Richard Simkus ’83 had been following the tournament on television, and he had watched his former teammate lead timeouts in games prior. NBC often had Blatt miked up during timeouts, and Simkus was impressed by the command he had over the Russian players.
“He clearly was in charge, and it was clearly his team, and he clearly had their respect,” said Simkus, currently an investment adviser in Lawrenceville, N.J. “What more do you need to know?”
But when Blatt was hired in 2006 as the first non-Russian head coach of the national team, he found he had to earn that respect. As a Jewish American who has lived in Israel for much of his adult life, winning people over was a challenge. But through a self-described desire to bridge cultural divides through sports, Blatt turned around a struggling basketball team and won the respect of a nation.
Blatt’s leadership capabilities, in terms of both on-court strategy and connecting with people from different backgrounds, were on display during his years at Princeton, where he served as captain his senior year and led the Tigers to two Ivy League championships. Former teammate Craig Robinson ’83 said Blatt took him under his wing during his recruiting trip and made him feel much more comfortable transitioning into Princeton.
“We were from different parts of the country, but we shared a love for the game first and foremost,” said Robinson, the head coach of the Oregon State University men’s basketball team and brother of First Lady Michelle Obama ’85. “He always made me feel like I was better than I thought I was.”
After playing guard for four years at Princeton under Pete Carrill, Blatt began his playing career in Haifa, Israel. Three years later, he returned to the U.S. to work in sales for Xerox in Atlanta.
“I wanted to go play for a few years before I started, let’s say, my normal life,” Blatt said.
He kept up his game by playing in amateur leagues on the side, but it just wasn’t the same.
“I missed professional basketball, I missed the lifestyle, and I missed being in Israel,” he said. “I decided to go back for some more, and I’ve been there ever since.”
He returned to Israel and bounced around from club to club before transitioning into coaching in 1993. After successful stints as both head and assistant coach for teams in Israel and elsewhere in Europe, he was hired to coach Dynamo St. Petersburg in Russia in 2004.
The club was brand new, and under Blatt’s leadership it won the FIBA Europe League championship in its first year. That instant success raised eyebrows, and in 2006 he was brought on to coach a Russian national team that had been unable to replicate the international success it had seen before the fall of the Soviet Union.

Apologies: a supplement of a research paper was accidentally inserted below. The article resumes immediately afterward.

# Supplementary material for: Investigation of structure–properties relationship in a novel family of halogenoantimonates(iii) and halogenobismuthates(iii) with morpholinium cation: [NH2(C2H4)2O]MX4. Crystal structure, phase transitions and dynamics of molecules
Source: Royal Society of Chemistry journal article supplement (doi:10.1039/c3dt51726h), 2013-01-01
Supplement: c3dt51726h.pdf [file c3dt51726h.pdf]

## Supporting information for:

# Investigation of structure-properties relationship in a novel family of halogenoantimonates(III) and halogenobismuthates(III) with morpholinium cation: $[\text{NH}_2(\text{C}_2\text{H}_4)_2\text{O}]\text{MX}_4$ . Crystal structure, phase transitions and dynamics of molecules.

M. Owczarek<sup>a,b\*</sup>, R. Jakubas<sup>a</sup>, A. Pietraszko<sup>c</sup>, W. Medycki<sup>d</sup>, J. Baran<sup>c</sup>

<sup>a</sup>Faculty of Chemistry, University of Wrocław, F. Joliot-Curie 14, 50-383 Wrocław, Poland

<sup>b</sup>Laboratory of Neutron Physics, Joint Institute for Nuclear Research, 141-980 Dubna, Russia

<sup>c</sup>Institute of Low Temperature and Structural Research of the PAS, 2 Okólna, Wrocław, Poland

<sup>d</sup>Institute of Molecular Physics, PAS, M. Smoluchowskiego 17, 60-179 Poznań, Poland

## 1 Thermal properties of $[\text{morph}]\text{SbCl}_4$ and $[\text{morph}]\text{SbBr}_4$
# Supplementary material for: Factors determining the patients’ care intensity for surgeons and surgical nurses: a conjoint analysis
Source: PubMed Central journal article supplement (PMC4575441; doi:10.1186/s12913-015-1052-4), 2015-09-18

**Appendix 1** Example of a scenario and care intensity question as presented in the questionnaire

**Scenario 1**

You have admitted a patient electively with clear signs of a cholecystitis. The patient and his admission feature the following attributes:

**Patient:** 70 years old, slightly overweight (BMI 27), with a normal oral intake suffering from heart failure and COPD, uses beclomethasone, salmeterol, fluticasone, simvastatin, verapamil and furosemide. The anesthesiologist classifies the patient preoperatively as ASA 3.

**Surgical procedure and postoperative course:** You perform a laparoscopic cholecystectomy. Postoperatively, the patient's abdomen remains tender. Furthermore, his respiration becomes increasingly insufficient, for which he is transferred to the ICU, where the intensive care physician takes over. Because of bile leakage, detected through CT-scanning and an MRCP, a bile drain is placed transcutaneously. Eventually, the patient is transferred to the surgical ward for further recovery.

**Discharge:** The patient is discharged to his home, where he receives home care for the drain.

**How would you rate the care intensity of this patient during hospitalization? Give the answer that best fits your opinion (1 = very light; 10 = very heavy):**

While the decision to bring him on as head coach may have been logical from a basketball standpoint, Blatt said it was not popular at the time.
“I’m a child of the Cold War, and I’m an American. I’m an Israeli, and I’m Jewish, and somebody with that background coaching what was at one time one of the flagships of Soviet Union sport has an enormous historical significance,” Blatt said. “I wanted that challenge, and I wanted to be a person who broke new ground in a way that I always dreamed about, which was bringing people closer together through sports.”
Blatt says he brought a different philosophy to the team, which he calls “a Western approach to coaching the game.” The Russian Ministry of Sport previously required players to be on the team, but Blatt released many of the “old guard” players and made membership on the team completely voluntary.
On the court, Blatt focused on speed and defensive tactics. It paid off just two years later in 2007 when Russia won the European Championship, but Blatt had his eyes set on an Olympic medal. After failing to advance past the group stage in 2008, the team surprised many in 2012.
During the timeout, Blatt called for a play that would give guard Alexey Shved a quick three-point shot off a high screen. Shved sunk the shot, and Russia would go on to win the bronze, its first medal in post-Soviet history.
Having won a medal, Blatt said he is now seriously considering stepping down. He said it would help him spend more time with his family — his wife and four children live in Israel — but he said it’s also about his legacy and how he wants to go out.
Blatt will retain his position as head coach of Maccabi Tel Aviv, considered one of the strongest club teams outside the United States. He said he is happy with his position there, and though he could see himself coaching in the NBA or NCAA, working as an assistant coach in America is not an attractive option for him.
But a head coaching offer in the United States is not off the table.
“He would be a fantastic NBA coach,” Robinson said. “All it’s going to take is one guy who thinks outside the box and gives him a shot.”
Russia did that already and now has an Olympic medal to show for it.
Original URL: http://www.dailyprincetonian.com/2012/09/13/31088/